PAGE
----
Review: From Bucks County to Broadway, ‘Mothers and Sons’

 From left: Bobby Steggert, Frederick Weller, Grayson Taylor, and Tyne Daly in Terrence McNally's 'Mothers and Sons' on Broadway (Photo courtesy of Joan Marcus)

From left: Bobby Steggert, Frederick Weller, Grayson Taylor, and Tyne Daly in Terrence McNally's 'Mothers and Sons' on Broadway (Photo courtesy of Joan Marcus)

“Mothers and Sons,” has gone the way of several plays that first came to life on the Bucks County Playhouse stage: Broadway.

Last summer, the revived Bucks County Playhouse – where Broadway insiders once flocked during summer months to try out new ideas – reclaimed some of its former glory. It brought a new play by a major playwright, Terrence McNally, to its world premiere. Now that taut, terrific play, “Mothers and Sons,” has opened on Broadway, nine months later.

It’s essentially the same production that Jed Bernstein, former artistic director of the Playhouse and now the president of Lincoln Center, produced in New Hope, where the Playhouse sits on the Delaware River. Tyne Daly still stars as the mother of a man who died from AIDS 25 years ago. Daly, who delivered a genuine and nuanced portrayal here in June, has discovered even more depth in the character during the ensuing months.

“Mothers and Sons” is the follow-up to a TV play McNally wrote in 1990, before he’d won any of his four Tony Awards for playwriting (“Master Class,” “Love! Valour! Compassion!” and the books for the musicals “Kiss of the Spider Woman” and “Ragtime”). His teleplay “Andre’s Mother” ran in 1990 on PBS, and involved Katharine, who could not accept her son Andre as a gay man, or his death from AIDS, or his partner named Cal.

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In the new “Mothers and Sons,” 25 years later, Katharine has come from her Texas home to Manhattan, and drops in unannounced on Cal – he’s now a married man who, with his husband, has a six-year-old son. Cal and Katharine haven’t seen one another since Andre’s funeral. She ostensibly wants to drop off something of Andre’s that she’d been keeping. Cal is totally unprepared for her appearance.

“Mothers and Sons” neatly covers the sweep of social and legal change over a quarter-century. Cal lives in New York, where his ability to marry another man is law. Being gay does not necessarily carry a life-wrecking stigma. AIDS remains a dreaded danger yet not a sure-fire death sentence.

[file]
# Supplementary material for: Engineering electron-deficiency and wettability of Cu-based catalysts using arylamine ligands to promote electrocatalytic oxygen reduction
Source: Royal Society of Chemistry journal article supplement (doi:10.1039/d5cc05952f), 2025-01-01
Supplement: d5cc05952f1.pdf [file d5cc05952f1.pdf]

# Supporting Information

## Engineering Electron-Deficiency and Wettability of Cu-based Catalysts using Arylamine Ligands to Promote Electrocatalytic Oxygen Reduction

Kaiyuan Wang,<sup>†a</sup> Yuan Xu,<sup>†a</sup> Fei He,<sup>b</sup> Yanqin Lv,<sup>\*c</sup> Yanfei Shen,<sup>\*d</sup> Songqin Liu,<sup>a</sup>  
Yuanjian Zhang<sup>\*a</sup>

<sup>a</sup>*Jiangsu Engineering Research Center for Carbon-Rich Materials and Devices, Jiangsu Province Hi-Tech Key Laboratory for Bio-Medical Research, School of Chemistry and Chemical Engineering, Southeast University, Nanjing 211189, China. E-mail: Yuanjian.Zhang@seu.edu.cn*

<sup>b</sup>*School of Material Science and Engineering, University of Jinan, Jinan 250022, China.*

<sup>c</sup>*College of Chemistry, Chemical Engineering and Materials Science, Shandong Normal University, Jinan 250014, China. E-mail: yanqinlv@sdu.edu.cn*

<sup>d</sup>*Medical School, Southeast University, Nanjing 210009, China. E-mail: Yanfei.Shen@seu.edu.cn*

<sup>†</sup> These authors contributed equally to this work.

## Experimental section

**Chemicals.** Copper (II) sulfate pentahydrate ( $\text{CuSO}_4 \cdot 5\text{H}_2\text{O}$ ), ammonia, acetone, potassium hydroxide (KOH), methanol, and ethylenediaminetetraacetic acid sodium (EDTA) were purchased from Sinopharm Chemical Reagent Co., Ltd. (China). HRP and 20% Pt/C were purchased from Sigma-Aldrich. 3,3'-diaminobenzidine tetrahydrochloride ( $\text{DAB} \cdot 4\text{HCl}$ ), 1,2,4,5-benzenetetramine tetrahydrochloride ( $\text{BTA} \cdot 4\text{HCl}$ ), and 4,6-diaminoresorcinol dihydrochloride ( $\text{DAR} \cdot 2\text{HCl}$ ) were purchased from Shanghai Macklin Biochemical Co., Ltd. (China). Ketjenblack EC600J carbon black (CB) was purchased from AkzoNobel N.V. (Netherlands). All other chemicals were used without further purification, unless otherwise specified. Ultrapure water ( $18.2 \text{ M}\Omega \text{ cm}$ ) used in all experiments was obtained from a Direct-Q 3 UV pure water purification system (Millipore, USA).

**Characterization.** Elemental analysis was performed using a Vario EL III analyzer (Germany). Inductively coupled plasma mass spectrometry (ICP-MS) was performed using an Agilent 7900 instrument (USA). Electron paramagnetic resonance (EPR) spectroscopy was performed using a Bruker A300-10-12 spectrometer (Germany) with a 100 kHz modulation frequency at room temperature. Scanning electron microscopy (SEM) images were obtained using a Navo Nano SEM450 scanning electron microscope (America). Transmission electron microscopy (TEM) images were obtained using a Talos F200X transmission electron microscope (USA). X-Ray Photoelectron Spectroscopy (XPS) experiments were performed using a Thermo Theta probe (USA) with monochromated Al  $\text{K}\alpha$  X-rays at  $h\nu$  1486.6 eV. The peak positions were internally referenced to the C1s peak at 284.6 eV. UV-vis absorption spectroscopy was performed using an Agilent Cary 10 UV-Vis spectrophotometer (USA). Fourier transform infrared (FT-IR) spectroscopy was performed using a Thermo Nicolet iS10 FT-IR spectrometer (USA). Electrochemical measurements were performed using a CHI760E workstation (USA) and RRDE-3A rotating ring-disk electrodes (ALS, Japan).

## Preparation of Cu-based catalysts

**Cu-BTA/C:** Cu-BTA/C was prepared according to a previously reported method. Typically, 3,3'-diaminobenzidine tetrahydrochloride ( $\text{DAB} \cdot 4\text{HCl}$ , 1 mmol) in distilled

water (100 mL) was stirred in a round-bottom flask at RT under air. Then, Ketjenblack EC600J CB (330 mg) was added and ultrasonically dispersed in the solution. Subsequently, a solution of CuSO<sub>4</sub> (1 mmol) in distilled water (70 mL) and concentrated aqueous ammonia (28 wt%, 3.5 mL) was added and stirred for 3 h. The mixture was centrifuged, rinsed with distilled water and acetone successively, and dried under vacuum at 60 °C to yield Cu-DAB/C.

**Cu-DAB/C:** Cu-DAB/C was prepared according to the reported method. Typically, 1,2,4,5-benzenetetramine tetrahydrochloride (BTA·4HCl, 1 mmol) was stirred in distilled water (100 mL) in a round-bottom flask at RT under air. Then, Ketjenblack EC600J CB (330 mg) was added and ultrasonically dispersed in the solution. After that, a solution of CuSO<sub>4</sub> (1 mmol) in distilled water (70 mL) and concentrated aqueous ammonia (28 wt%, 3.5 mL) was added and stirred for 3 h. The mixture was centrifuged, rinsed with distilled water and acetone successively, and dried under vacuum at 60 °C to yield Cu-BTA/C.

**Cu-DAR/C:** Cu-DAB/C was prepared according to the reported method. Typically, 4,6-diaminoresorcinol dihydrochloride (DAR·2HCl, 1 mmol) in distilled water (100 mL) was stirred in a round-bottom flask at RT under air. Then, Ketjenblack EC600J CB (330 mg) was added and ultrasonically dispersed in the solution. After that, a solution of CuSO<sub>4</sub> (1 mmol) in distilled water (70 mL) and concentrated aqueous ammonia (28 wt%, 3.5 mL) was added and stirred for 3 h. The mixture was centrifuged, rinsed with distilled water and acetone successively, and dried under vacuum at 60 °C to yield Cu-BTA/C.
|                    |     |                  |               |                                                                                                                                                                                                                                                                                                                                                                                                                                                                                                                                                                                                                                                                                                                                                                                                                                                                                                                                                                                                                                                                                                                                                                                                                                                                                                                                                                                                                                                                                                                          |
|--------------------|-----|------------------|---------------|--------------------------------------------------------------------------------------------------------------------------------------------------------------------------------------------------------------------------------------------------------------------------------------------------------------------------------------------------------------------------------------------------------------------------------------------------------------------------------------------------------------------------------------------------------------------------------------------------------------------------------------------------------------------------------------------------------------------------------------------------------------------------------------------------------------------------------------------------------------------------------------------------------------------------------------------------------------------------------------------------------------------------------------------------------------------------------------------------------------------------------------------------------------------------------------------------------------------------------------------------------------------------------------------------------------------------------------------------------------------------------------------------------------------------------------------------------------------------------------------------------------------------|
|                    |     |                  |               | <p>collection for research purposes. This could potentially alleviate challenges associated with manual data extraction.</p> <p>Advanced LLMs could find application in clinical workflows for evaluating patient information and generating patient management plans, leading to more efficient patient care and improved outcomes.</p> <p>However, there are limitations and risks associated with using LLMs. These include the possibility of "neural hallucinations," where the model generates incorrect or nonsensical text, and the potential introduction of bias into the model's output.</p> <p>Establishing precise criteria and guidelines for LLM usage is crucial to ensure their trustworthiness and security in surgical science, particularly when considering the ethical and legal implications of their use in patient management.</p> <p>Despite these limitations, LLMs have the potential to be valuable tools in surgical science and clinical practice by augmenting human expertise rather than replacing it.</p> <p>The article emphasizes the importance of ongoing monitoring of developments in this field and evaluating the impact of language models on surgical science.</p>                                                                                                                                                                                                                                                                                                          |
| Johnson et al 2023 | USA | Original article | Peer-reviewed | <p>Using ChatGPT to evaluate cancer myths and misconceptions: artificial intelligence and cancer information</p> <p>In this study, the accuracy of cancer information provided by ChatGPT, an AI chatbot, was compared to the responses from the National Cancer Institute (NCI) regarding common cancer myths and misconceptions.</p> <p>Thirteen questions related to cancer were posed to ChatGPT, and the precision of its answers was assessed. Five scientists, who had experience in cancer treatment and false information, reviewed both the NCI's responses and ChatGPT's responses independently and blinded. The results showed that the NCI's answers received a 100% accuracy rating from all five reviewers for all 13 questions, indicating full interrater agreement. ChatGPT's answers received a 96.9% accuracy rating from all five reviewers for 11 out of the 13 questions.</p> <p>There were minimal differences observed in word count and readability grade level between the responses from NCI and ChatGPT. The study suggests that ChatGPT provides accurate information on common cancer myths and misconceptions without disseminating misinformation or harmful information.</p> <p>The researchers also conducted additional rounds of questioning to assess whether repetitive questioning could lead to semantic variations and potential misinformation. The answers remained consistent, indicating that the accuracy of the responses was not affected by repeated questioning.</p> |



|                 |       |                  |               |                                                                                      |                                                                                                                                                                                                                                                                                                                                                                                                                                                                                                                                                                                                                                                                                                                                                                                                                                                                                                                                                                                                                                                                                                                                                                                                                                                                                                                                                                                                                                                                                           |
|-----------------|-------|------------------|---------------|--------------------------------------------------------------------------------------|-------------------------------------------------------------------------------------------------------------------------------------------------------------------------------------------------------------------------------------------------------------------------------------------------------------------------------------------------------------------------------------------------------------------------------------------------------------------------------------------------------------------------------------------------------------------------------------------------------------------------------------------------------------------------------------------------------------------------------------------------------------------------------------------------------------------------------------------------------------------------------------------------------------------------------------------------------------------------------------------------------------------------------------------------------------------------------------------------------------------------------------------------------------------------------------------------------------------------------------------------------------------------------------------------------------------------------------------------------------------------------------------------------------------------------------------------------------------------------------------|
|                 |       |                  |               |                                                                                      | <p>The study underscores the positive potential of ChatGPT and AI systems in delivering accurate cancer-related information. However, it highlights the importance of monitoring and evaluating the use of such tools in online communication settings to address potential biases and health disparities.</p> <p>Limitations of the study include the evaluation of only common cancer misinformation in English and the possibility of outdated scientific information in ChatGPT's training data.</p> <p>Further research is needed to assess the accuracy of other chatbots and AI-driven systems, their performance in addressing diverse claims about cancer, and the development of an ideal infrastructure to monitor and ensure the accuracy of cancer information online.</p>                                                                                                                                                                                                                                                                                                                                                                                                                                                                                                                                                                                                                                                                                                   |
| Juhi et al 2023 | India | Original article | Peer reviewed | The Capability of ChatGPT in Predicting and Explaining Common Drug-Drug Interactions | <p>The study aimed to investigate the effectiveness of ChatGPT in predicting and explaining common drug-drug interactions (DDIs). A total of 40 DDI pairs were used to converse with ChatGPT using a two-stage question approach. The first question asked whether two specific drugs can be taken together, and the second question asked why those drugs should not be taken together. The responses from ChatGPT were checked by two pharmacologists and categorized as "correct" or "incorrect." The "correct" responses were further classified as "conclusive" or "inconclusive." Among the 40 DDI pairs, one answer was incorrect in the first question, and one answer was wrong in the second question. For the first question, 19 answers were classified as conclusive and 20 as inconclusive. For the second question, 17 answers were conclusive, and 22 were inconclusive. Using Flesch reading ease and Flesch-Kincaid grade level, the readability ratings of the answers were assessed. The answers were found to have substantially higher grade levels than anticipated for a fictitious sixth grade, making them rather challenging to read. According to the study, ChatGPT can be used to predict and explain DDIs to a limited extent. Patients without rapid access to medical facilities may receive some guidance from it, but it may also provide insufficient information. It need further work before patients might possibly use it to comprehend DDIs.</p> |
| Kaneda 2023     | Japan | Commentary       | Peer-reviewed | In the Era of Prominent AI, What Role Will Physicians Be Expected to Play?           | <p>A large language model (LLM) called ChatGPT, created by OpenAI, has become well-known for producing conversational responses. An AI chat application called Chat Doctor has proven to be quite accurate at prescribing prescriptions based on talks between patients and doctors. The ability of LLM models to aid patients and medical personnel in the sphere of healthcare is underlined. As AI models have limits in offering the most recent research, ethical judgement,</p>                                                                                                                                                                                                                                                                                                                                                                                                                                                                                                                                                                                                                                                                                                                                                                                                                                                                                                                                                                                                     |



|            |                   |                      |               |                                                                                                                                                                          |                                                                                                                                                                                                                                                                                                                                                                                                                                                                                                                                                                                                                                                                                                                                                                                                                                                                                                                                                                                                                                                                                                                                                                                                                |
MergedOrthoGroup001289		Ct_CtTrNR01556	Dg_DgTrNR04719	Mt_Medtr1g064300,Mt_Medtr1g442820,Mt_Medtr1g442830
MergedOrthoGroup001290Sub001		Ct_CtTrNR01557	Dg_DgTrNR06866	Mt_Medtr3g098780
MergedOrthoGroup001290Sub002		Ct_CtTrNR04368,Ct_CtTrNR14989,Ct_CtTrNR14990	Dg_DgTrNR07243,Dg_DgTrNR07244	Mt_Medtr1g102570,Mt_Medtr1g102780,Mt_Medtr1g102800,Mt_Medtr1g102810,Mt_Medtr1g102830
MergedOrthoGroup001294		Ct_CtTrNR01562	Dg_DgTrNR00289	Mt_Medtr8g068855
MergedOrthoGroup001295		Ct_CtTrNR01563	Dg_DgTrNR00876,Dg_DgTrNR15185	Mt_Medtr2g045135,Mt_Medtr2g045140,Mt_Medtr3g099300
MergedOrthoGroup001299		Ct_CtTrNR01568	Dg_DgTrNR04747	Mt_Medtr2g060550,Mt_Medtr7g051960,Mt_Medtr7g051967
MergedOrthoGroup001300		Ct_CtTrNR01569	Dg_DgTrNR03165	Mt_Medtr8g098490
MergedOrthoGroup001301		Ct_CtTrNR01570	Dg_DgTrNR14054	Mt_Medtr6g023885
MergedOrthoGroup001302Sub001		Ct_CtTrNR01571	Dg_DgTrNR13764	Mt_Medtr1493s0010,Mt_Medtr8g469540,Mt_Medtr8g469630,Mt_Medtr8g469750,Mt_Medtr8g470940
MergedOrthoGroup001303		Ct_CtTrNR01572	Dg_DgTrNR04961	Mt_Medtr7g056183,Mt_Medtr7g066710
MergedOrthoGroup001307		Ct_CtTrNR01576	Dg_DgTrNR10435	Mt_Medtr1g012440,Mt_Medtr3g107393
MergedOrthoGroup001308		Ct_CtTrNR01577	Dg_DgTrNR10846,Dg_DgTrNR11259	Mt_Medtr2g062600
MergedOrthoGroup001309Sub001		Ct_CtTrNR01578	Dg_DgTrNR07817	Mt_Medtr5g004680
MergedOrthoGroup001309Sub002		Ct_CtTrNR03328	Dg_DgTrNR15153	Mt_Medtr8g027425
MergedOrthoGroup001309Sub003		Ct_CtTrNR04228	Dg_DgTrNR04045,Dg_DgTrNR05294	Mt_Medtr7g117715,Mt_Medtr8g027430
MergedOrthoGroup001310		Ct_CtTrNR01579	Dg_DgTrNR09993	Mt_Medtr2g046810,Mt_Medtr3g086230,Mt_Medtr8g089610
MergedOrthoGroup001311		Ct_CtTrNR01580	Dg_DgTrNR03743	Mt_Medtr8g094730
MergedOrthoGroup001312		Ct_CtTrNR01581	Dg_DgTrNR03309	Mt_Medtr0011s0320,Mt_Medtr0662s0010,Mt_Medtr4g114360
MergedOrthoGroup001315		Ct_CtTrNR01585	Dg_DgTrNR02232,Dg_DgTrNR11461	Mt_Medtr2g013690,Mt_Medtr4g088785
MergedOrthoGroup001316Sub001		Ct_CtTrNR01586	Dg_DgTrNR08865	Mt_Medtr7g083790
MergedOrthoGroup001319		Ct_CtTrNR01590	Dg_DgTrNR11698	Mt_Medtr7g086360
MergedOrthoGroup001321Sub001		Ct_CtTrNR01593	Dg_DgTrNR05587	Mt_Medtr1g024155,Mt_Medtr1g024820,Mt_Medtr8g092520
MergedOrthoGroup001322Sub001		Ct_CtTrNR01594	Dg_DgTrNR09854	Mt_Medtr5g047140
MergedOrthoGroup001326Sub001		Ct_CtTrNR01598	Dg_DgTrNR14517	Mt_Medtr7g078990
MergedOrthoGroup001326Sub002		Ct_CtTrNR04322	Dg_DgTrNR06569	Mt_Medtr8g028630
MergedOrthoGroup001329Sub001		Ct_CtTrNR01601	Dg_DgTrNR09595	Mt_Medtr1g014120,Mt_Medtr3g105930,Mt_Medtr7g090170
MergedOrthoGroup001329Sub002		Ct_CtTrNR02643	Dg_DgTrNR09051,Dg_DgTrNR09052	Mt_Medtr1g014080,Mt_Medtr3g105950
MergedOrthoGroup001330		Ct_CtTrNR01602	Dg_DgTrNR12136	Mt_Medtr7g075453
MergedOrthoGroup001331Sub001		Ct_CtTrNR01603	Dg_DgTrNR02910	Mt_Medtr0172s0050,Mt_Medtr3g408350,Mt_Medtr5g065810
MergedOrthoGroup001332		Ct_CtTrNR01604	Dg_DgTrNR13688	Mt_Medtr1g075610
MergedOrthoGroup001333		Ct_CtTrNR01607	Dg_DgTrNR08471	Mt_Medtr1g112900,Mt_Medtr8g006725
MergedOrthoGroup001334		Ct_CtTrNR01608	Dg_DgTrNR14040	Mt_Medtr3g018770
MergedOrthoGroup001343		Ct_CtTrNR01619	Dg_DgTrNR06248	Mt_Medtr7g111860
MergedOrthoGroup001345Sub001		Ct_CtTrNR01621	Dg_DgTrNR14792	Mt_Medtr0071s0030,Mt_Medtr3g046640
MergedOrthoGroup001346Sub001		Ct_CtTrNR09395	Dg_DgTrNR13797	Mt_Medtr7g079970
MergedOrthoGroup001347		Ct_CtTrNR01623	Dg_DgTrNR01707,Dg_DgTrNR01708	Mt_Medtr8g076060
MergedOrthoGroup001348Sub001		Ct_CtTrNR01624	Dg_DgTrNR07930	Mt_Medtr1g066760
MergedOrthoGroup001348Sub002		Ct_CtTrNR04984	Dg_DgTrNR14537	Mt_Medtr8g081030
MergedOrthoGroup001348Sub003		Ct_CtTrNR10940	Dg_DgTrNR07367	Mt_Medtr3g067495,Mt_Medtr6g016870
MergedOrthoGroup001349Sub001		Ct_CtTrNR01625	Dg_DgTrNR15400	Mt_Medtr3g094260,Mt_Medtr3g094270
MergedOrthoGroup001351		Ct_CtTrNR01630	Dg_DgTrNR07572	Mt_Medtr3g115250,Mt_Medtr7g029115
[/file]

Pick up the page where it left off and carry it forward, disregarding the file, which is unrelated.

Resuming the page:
For Cal and his younger husband, the years since Andre’s death changed their notions of who they can be. For Katharine, those benefits are liabilities. Somehow her son was murdered, somehow the murderers became respectable.

And there you have the tug of warring perspectives that made “Mothers and Sons” a compelling new piece of theater in Bucks County and, with some minor polishing by McNally, make it a knockout also on Broadway. McNally approaches the fragile conversation he creates between these characters like a journalist laying out two complete (and completely different) sides of a story. Katharine and the two men she visits, or maybe intrudes upon, all get to state their cases clearly, no punches pulled. The denoument comes naturally, although a little less so on Broadway, where clichéd lighting and operatic undertones suddenly appear.

Cal is played on Broadway by Frederick Weller, an actor who provides a less pensive character than in Manoel Felciano’s interpretation in Bucks County. But Weller’s character works, and not so differently that it alters the play’s balance. The excellent Bobby Steggert, who has a magnetic stage presence (and a fine set of pipes he displayed earlier this season in the flop musical “Big Fish”) is Cal’s husband, the role he created at Bucks County. The impressive child actor Grayson Taylor repeats his role as the couple’s son.

Sheryl Kaller directs the Broadway version with the same fine-tuned sense of the play’s warps and weaves that she used in Bucks County. There’s much to be said for the old-fashioned process of playwrighting: Get a vision, get it on paper and get it up and breathing – without workshops or panels or any other focus-group input, without 20 backers all having their say, and without the corporate big-money structure that’s come to define process and assume risk on Broadway.

The way McNally wrote “Mothers and Sons” and the way Jed Bernstein produced it is the way major talents put up new plays at Buck County Playhouse last century. There’s a clarity about “Mothers and Sons” that begins with McNally and ends, seemingly unpolluted, on the stage of Broadway’s Golden Theatre. It’s McNally’s 20th work to hit Broadway over 50 years. It’s comforting that the hands-off process that saw those first plays come alive a half century ago can still work today — in the right hands.

“Mothers and Sons” is on Broadway at the Golden Theatre, on 45th Street near Eighth Avenue, New York City.


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